TY - JOUR. T1 - Study on the action of PAF on IL-1 modulation in alveolar macrophages. T2 - Involvement of endogenous arachidonate metabolites and intracellular Ca++ mobilization. AU - Lee, J.. AU - Kim, W. K.. AU - Hah, J. S.. PY - 1998. Y1 - 1998. N2 - Platelet-activating factor (PAF) enhanced interleukin-1 (IL-1) activity by the interaction with a specific receptor in rat alveolar macrophages. In this study, we investigated the role of endogenous arachidonate metabolites and intracellular calcium mobilization in the PAF-induced IL-1 activity. Alveolar macrophages were preincubated with 5-lipoxygenase and cyclooxygenase inhibitors 30 min before the addition of PAF and lipopolysaccharide (LPS). After 24h culture, IL-1 activity was measured in the supernate of sample using the thymocyte proliferation assay. Inhibition of 5-lipoxyenase by nordihydroguaiaretic acid and AA-861 completely blocked the PAF-induced enhancement of IL-1 activity with IC50 of 2 μM and 5 μM, respectively. In contrast, ...
Sodium arachidonate, 10(-5) g/kg per minute, was infused into the renal artery of a nonfiltering canine kidney in situ in order to determine the effects of enhanced prostaglandin synthesis on renal blood flow and its distribution in circumstances where prostaglandins produced in the medulla could not gain access to the cortex via tubular fluid. The contralateral normal kidney was also infused with sodium arachidonate and served as control. Radioactive microspheres were used to calculate the hemodynamic effects. In the nonfiltering kidney, the total renal blood flow increased after sodium arachidonate from a mean of 105 ml/min per 100 g to 146 ml/min per 100 g (P less than 0.01). This increase was completely abolished by prior treatment with indomethacin, 8 mg/kg, intravenously. The normal kidney responded qualitatively the same as the nonfiltering side. In both kidneys, blood flow increased significantly to all cortical zones except the outermost (zone 1), but the fractional distribution of ...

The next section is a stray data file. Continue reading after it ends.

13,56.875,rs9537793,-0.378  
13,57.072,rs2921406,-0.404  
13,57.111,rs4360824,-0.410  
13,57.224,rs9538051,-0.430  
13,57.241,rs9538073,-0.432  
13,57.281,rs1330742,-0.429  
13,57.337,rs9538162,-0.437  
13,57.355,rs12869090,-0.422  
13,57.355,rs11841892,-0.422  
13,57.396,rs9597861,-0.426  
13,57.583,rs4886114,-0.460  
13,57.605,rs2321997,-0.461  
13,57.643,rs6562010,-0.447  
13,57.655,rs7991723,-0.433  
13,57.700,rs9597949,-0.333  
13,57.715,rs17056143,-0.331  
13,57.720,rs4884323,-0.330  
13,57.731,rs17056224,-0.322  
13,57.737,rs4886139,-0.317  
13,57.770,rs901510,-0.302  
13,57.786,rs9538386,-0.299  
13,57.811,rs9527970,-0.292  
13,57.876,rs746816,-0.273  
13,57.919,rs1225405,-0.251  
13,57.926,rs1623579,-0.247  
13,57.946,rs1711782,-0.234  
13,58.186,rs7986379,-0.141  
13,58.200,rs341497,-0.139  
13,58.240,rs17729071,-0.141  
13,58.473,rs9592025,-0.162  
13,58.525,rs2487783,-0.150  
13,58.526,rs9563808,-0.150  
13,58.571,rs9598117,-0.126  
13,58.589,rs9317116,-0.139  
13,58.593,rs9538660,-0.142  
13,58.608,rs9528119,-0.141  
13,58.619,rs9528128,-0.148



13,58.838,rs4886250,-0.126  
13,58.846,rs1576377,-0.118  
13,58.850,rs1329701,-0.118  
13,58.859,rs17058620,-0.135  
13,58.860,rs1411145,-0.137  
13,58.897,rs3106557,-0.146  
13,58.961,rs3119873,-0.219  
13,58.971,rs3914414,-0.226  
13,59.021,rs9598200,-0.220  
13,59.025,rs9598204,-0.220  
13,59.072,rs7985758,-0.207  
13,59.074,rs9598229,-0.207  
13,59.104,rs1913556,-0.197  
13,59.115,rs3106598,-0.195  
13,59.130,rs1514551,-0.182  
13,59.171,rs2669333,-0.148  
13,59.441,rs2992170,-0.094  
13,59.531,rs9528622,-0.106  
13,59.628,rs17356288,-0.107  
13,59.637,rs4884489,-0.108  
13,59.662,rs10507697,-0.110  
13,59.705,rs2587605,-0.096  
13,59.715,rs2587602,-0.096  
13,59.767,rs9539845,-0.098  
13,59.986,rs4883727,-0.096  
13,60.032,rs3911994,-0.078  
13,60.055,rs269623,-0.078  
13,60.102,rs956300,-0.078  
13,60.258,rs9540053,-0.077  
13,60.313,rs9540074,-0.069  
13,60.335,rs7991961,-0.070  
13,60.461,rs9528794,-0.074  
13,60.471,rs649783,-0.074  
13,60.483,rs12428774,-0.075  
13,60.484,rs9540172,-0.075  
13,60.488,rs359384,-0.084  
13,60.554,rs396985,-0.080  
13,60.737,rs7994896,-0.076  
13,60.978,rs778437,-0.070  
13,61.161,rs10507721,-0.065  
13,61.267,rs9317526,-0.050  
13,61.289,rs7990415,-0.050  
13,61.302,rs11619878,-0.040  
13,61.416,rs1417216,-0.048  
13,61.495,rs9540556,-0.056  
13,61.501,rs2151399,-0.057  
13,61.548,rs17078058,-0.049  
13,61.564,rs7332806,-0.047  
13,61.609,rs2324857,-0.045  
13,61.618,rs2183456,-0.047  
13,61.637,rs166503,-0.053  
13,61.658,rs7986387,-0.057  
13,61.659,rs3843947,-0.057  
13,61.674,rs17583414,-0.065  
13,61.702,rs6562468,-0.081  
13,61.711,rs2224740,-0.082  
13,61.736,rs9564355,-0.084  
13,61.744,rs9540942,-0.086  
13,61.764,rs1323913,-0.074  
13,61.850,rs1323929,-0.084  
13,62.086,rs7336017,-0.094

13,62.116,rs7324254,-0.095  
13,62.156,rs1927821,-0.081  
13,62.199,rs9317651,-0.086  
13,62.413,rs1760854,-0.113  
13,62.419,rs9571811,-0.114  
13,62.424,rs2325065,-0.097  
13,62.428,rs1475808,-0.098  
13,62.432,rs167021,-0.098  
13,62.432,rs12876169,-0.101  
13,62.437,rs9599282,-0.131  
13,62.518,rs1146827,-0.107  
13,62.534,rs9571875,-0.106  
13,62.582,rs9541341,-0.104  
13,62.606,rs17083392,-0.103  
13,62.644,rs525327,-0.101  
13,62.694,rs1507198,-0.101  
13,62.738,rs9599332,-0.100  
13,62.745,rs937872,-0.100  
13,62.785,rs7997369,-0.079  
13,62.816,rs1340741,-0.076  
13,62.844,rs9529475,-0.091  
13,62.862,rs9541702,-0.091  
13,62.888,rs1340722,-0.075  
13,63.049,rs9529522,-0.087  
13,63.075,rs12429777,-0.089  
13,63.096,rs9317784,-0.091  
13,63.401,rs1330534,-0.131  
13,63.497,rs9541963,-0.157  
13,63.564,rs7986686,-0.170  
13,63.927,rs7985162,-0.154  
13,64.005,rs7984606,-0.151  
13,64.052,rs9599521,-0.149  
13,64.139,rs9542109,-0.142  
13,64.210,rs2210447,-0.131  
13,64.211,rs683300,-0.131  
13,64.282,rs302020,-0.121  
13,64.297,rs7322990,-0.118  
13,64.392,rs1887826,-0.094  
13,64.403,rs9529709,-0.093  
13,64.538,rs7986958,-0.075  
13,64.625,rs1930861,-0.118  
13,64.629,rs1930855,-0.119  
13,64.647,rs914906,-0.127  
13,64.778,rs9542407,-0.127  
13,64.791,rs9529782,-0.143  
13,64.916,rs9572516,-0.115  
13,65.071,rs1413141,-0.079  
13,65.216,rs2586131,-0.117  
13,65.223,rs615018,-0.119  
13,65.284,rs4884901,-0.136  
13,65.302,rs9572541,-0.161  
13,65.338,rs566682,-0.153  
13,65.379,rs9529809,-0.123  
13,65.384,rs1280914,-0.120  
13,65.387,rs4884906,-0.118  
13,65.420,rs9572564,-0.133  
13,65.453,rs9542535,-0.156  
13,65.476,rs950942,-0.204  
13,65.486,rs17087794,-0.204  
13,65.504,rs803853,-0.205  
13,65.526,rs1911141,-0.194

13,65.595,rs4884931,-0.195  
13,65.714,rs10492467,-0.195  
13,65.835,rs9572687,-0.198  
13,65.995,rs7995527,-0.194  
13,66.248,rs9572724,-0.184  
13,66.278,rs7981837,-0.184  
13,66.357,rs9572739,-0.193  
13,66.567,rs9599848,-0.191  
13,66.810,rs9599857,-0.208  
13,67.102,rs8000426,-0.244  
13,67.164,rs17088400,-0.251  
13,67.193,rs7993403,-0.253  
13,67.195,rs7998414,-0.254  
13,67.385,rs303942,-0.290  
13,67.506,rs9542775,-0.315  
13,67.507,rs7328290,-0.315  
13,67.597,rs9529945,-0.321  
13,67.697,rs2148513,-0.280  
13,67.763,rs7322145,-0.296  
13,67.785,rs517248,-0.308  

N-arachidonoyl glycine (NAGly) is an endogenous signaling lipid with a wide variety of biological activity whose biosynthesis is poorly understood. Two primary biosynthetic pathways have been proposed. One suggests that NAGly is formed via an enzymatically regulated conjugation of arachidonic acid (AA) and glycine. The other suggests that NAGly is an oxidative metabolite of the endogenous cannabinoid, anandamide (AEA), through an alcohol dehydrogenase. Here using both in vitro and in vivo assays measuring metabolites with LC/MS/MS we test the hypothesis that both pathways are present in mammalian cells. The metabolic products of deuterium-labeled AEA, D4AEA (deuterium on ethanolamine), indicated that NAGly is formed by the oxidation of the ethanolamine creating a D2NAGly product in both RAW 264.7 and C6 glioma cells. Significantly, D4AEA produced a D0NAGly product only in C6 glioma cells suggesting that the hydrolysis of AEA yielded AA that was used preferentially in a conjugation reaction. Addition of
I have postulated that arachidonic acid release from rat liver cells is associated with cancer chemoprevention. Since it has been reported that inhibition of proteasome activities may prevent cancer, the effects of proteasome inhibitors on arachidonic acid release from cells and on prostaglandin I2 production in rat liver cells were studied. The proteasome inhibitors, epoxomicin, lactacystin and carbobenzoxy-leucyl-leucyl-leucinal, stimulate the release of arachidonic acid from rat glial, human colon carcinoma, human breast carcinoma and the rat liver cells. They also stimulate basal and induced prostacycin production in the rat liver cells. The stimulated arachidonic acid release and basal prostaglandin I2 production in rat liver cells is inhibited by actinomycin D. Stimulation of arachidonic acid release and arachidonic acid metabolism may be associated with some of the biologic effects observed after proteasome inhibition, e.g. prevention of tumor growth, induction of apoptosis, stimulation of bone